We were given two mooring balls per yacht, one for the bow and one attached to the stern. That way, our boats could not swing in the restricted amount of space available.

Our three boats at the mooring balls in Lovisce Bay, Scedro

We had planned dinner on board but first we were going to celebrate Mila’s birthday on “Tina” with cocktails and appetizers and with the two cakes.  By the time we had consumed all these goodies, we were not hungry anymore.

“Admiral” Mila’s Birthday Bash

We had a very quiet night in Lovisce and woke up energized for our next stop, the island of Vis.  We just love Vis and it is almost every year on our itinerary. It is not surprising that it was featured in the movie Mama Mia II as the “Greek Island”.  During its history, Vis has always been of important strategic value and was considered the Gibraltar of the Adriatic. The British and the French fought there during the Napoleonic wars.  It would have been Tito’s last stronghold had Stalin invaded Yugoslavia. There are memorials to British Commando’s who, during WWII, fought the Germans here but our favorite place on the island is the Kod Magica restaurant of our friends Bise and Dennis Jerkovic in the vineyard about twenty minutes inland from the city of Vis.

This is where we take our crew members for a traditional Dalmatian lamb peka dinner and, again, we were not disappointed.  Sitting amid the vineyards with locally made wine and enjoying the delicious food prepared by Bise, her mother and their staff, you realize how lucky you are to experience this kind of cruising vacation. Dinner at Kod Magica is always the highlight of our sailing trips in Croatia.

Peka Dinner in Vis

Soon it was time to retire to our yachts for the night. Thankfully, the marina was very quiet at night, which probably had to do with the fact that there seemed to be less yachts than in the previous years.

What a View of Vis at Sunset!
Stari Grad Waterfront

Thursday morning, after refueling at the local fuel dock, we reluctantly left Vis and, after a brief stop at the so-called abandoned submarine base, we head towards Hvar but, instead of going to Marina Palmizana across from the city of Hvar, we opted for the city of Stari Grad on the northwest side of the island.  Stari Grad, which means old city, is indeed one of the oldest cities in Europe and it is located at the very end of a long bay.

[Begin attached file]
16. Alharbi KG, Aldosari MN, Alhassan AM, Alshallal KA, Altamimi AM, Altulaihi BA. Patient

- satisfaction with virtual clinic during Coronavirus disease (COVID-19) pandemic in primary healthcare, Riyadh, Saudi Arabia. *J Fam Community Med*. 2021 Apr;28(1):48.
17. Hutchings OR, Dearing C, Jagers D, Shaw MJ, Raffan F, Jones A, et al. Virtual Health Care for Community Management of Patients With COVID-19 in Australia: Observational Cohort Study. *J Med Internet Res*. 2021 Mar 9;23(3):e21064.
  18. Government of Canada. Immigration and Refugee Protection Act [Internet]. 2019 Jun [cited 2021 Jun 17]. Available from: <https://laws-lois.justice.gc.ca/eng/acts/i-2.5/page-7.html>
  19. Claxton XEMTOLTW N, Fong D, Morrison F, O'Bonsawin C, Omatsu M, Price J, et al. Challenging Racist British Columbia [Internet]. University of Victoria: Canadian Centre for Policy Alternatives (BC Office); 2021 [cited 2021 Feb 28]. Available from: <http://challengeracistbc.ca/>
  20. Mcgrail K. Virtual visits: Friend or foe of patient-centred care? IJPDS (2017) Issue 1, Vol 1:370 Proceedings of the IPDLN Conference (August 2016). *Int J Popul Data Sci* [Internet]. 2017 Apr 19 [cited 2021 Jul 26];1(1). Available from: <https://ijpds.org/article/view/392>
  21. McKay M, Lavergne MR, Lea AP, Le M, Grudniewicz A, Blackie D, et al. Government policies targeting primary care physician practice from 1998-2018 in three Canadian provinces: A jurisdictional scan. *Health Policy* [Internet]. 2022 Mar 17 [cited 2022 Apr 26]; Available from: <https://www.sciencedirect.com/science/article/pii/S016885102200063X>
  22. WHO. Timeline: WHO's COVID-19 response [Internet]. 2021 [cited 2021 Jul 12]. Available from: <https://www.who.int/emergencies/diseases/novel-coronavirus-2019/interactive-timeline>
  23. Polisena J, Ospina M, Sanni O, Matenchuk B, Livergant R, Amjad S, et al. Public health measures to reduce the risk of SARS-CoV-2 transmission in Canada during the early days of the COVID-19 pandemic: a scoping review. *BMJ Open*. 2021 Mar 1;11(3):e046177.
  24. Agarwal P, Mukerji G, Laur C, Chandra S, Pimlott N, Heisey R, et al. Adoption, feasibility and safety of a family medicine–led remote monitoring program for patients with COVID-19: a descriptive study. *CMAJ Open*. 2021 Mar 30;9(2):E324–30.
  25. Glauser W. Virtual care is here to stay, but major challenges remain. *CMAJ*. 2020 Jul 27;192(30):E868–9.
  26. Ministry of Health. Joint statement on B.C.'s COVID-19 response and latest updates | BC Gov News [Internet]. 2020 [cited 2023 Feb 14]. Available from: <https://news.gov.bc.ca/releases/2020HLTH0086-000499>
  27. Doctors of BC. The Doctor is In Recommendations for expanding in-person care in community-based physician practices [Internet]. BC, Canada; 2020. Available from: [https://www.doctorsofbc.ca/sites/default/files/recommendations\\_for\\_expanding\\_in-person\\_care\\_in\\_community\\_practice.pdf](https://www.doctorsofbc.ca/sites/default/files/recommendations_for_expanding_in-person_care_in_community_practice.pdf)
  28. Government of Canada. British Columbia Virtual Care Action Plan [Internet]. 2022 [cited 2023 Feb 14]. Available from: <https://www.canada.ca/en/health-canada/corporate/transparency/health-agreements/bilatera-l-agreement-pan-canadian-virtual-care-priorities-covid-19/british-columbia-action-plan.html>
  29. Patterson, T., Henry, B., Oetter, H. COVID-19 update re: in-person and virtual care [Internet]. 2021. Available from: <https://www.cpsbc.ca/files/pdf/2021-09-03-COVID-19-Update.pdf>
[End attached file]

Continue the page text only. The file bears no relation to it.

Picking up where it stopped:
The first time we went there, about ten years ago, it was a drab and uninspiring place.  No flowers and no colors. Now it is a vibrant tourist town with flowers, palm trees, plenty of restaurants, a colorful market and an ever-expanding modern marina.  The idea was to dock there and to take the bus for a forty-minute ride to the city of Hvar but the crew members preferred to stay in Stari Grad which was too bad as Hvar is such a hopping place.  After a pizza dinner near the port and a gelato (who comes up with a flavor called Facebook? It has an unappetizing green color too), we went back to our boats and got ready for our last night of the flotilla.

And there it was, Friday, the last day of this three-week adventure.  We said our goodbyes to the crew of “Lovro” who would end up in Trogir whereas “Cetina” and “Tina” were headed for their base in Kastela.

Lazy lines dropped and dock lines hauled in for the last time and off we went back to the home base in Kastela. As I had calculated, we arrived there at exactly 6:00PM where we were checked out.  All our crew members left the boats, except for Mila and I who spent our last night on our “Cetina”. She had been our home away from home for three unforgettable weeks.

We can’t wait to be back.

Be on the look-out for the 2020 September Croatia program.  It will again be a blast!

Capt. Jean & “Admiral” Mila


ASA Croatia Flotilla, Split To Dubrovnik

This Croatian Flotilla is organized by Sea Safaris in Chicago and ASA Captian Jean “John” De Keyser and his wife “Admiral” Mila. Follow along in this three-part series as they lead the way through the three-week journey.

On Friday, May 31, our crew members for the first of three weeks of flotilla sailing in Croatia gathered at the Trogir Palace Hotel in Trogir near Split for the initial briefing and introductions.

Over wine and Dalmatian cold platters of prosciutto, cheeses, and tomato salads, we discussed what to expect during the upcoming week on our way down to Dubrovnik. There was an immediate sense of fellowship among the participants, some of whom were repeat flotilla sailors. Three boats were lined up for this trip. Veteran Croatian sailor Bob G from California had chartered a Sunsail yacht through his ownership program and would be joining us on Saturday night from the charter base in Trogir. The other two boats with Skipper Alan and I would be leaving from the Marina Kastela base. We had a total of 16 participants.

S/V Cetina, 46 Dufour: Capt. Jean and Admiral Mila De Keyser Dave and Dody L. from Illinois Minya M. from Illinois John G. from Illinois
S/V Tina, 53 Jeanneau: Capt. Alan W. and Iraida from Florida Josh V. from Illinois Eric F. from his assignment in Algeria Don S. and Yvonne P.

When we arrived at Marina Kastela on Saturday, we were surprised to see how quiet the marina was.  Normally on a Saturday morning, the place would be bustling with people. Prior week sailors getting off the boats, cleaning and repair crews getting the yachts ready for the new charter clients but, this time, there was no usual mayhem and our boats were ready at 14:00.  According to the charter company’s office manager, Petra, the season was off to a very slow start.